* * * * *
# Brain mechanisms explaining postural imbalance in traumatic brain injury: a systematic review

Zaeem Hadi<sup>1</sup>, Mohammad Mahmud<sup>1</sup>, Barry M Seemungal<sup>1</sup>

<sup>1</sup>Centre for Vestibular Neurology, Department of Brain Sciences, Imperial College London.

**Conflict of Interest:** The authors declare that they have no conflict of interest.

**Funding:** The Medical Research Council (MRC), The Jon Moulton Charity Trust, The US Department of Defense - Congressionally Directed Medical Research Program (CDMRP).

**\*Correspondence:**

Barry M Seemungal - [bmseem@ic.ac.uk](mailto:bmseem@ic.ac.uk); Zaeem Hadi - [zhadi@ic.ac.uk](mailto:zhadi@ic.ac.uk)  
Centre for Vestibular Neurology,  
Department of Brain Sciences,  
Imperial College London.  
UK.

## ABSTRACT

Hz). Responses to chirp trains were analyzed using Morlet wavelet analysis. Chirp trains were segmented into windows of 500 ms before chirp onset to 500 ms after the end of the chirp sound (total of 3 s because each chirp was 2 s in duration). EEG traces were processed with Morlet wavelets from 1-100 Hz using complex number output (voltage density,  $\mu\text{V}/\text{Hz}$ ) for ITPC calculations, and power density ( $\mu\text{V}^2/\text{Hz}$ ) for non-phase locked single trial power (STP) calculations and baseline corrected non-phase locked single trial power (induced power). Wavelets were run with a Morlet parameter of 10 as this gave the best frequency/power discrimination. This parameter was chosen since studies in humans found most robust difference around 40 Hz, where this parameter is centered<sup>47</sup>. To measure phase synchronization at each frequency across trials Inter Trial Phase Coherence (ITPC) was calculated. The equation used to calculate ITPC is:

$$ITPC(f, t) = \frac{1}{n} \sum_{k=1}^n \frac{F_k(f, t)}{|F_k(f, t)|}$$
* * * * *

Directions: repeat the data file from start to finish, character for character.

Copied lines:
# Brain mechanisms explaining postural imbalance in traumatic brain injury: a systematic review

Zaeem Hadi<sup>1</sup>, Mohammad Mahmud<sup>1</sup>, Barry M Seemungal<sup>1</sup>

<sup>1</sup>Centre for Vestibular Neurology, Department of Brain Sciences, Imperial College London.

**Conflict of Interest:** The authors declare that they have no conflict of interest.

**Funding:** The Medical Research Council (MRC), The Jon Moulton Charity Trust, The US Department of Defense - Congressionally Directed Medical Research Program (CDMRP).

**\*Correspondence:**

Barry M Seemungal - [bmseem@ic.ac.uk](mailto:bmseem@ic.ac.uk); Zaeem Hadi - [zhadi@ic.ac.uk](mailto:zhadi@ic.ac.uk)  
Centre for Vestibular Neurology,  
Department of Brain Sciences,  
Imperial College London.  
UK.

## ABSTRACT

Hz). Responses to chirp trains were analyzed using Morlet wavelet analysis. Chirp trains were segmented into windows of 500 ms before chirp onset to 500 ms after the end of the chirp sound (total of 3 s because each chirp was 2 s in duration). EEG traces were processed with Morlet wavelets from 1-100 Hz using complex number output (voltage density,  $\mu\text{V}/\text{Hz}$ ) for ITPC calculations, and power density ( $\mu\text{V}^2/\text{Hz}$ ) for non-phase locked single trial power (STP) calculations and baseline corrected non-phase locked single trial power (induced power). Wavelets were run with a Morlet parameter of 10 as this gave the best frequency/power discrimination. This parameter was chosen since studies in humans found most robust difference around 40 Hz, where this parameter is centered<sup>47</sup>. To measure phase synchronization at each frequency across trials Inter Trial Phase Coherence (ITPC) was calculated. The equation used to calculate ITPC is:

$$ITPC(f, t) = \frac{1}{n} \sum_{k=1}^n \frac{F_k(f, t)}{|F_k(f, t)|}$$